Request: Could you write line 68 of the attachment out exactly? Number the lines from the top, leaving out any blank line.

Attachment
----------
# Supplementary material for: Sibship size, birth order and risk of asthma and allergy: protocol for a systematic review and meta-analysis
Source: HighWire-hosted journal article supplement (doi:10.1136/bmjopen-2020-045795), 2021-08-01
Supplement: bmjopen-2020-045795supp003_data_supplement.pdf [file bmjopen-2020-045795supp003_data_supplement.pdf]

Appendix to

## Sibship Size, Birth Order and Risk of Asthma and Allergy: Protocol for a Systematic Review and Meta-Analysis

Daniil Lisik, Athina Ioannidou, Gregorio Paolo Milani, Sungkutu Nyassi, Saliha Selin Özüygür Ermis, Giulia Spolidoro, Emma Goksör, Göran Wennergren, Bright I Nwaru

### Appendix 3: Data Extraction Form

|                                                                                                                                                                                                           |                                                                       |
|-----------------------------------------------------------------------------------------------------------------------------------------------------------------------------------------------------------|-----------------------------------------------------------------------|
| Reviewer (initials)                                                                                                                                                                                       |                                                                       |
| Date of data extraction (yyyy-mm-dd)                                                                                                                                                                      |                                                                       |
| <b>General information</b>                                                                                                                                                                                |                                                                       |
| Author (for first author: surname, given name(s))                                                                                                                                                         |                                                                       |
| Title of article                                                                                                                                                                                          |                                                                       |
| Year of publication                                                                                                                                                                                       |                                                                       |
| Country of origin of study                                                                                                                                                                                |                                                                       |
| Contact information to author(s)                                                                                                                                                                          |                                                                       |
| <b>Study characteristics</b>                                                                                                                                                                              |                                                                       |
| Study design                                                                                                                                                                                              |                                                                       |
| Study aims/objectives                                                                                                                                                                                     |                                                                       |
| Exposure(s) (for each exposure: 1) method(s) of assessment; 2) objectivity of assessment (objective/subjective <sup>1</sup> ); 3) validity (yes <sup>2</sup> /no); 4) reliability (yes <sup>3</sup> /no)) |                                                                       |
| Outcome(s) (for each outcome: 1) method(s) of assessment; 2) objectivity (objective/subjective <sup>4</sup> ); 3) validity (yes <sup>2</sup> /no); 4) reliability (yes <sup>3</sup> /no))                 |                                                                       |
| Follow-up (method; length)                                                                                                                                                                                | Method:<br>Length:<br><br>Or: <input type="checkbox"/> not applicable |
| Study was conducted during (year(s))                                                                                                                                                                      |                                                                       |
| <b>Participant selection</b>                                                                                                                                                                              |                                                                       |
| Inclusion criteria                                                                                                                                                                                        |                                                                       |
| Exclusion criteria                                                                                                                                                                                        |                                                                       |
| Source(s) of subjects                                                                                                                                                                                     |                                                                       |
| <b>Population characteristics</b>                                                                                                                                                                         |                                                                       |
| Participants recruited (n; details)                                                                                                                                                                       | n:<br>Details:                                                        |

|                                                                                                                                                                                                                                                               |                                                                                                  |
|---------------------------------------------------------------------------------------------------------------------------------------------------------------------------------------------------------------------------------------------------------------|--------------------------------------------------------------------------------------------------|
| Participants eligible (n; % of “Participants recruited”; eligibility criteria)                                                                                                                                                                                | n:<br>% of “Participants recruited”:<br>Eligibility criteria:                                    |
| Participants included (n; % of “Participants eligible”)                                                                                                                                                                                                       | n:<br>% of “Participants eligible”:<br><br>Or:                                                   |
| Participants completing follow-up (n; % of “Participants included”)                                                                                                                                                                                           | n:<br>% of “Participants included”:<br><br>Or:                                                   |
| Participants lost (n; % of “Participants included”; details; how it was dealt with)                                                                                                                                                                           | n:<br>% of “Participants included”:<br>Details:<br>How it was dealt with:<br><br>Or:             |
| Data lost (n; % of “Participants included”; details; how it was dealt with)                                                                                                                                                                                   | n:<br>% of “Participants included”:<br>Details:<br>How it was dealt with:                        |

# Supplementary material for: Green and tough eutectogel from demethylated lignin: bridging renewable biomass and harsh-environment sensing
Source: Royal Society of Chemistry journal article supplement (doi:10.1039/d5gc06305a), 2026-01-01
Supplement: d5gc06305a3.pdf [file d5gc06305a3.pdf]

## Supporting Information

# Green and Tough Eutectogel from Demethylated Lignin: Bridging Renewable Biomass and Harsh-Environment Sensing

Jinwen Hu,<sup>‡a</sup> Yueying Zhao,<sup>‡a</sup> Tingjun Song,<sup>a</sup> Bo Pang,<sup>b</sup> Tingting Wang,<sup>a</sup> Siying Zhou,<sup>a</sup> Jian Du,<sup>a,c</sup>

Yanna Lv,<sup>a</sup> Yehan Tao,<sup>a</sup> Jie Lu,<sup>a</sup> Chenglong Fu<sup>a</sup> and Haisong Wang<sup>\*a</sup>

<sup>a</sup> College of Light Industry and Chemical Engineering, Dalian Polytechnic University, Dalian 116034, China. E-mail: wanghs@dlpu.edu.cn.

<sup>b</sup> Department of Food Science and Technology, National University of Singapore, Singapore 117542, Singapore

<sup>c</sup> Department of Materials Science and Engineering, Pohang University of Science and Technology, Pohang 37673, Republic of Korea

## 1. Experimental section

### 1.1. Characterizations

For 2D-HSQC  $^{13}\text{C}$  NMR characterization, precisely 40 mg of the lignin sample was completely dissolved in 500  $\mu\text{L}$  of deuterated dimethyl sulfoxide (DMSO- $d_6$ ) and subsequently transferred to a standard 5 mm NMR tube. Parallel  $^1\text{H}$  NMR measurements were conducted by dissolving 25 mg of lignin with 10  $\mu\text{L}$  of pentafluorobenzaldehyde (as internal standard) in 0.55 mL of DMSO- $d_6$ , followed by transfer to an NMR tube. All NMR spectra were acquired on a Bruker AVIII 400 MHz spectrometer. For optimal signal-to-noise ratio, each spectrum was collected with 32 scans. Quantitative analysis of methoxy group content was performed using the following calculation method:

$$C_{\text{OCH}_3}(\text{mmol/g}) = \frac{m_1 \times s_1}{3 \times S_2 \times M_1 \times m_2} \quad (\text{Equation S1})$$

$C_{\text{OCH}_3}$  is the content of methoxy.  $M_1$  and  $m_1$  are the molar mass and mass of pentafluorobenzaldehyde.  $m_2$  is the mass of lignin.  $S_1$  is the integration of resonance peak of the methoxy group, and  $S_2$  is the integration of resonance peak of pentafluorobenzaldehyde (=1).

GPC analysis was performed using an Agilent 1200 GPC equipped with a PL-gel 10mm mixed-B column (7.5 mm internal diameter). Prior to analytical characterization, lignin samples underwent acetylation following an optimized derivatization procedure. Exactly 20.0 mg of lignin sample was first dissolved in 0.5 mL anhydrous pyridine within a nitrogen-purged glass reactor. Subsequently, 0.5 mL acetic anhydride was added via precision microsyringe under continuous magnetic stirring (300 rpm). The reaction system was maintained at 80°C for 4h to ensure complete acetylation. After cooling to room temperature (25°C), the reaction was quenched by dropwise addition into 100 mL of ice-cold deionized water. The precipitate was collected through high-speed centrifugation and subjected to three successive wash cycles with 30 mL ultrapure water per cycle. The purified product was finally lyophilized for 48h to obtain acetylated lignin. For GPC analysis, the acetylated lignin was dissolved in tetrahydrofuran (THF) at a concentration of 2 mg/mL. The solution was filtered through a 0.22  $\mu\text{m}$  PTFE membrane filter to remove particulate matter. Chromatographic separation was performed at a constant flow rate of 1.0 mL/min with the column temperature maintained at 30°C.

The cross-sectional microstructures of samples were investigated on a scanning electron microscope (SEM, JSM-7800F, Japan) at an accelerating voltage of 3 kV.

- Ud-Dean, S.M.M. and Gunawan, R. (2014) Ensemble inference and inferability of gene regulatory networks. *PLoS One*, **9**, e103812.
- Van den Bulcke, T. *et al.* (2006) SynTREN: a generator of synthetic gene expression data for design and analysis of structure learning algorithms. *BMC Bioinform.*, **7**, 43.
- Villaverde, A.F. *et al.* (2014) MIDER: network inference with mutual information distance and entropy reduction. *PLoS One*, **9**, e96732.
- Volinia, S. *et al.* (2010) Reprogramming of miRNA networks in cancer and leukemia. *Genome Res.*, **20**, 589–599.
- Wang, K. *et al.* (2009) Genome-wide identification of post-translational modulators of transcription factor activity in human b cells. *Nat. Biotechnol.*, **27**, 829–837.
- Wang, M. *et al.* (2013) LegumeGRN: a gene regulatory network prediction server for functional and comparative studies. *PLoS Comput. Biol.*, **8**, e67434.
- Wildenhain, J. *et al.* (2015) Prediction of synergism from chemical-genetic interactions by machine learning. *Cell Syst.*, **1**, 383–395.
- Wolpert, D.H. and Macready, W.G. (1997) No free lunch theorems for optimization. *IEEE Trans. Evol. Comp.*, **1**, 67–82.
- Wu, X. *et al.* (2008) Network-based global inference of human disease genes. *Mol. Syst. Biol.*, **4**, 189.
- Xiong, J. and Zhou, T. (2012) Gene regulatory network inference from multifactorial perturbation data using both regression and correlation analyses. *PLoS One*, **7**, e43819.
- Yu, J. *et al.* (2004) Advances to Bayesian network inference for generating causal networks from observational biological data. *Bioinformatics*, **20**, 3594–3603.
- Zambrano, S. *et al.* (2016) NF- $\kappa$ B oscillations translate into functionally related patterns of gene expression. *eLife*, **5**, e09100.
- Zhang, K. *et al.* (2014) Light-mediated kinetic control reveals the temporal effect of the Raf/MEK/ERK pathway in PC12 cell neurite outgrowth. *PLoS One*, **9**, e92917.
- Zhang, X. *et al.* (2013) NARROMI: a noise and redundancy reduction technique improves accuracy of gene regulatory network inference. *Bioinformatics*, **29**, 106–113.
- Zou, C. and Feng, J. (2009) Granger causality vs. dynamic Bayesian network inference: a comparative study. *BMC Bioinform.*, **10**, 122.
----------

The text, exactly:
- Zhang, X. *et al.* (2013) NARROMI: a noise and redundancy reduction technique improves accuracy of gene regulatory network inference. *Bioinformatics*, **29**, 106–113.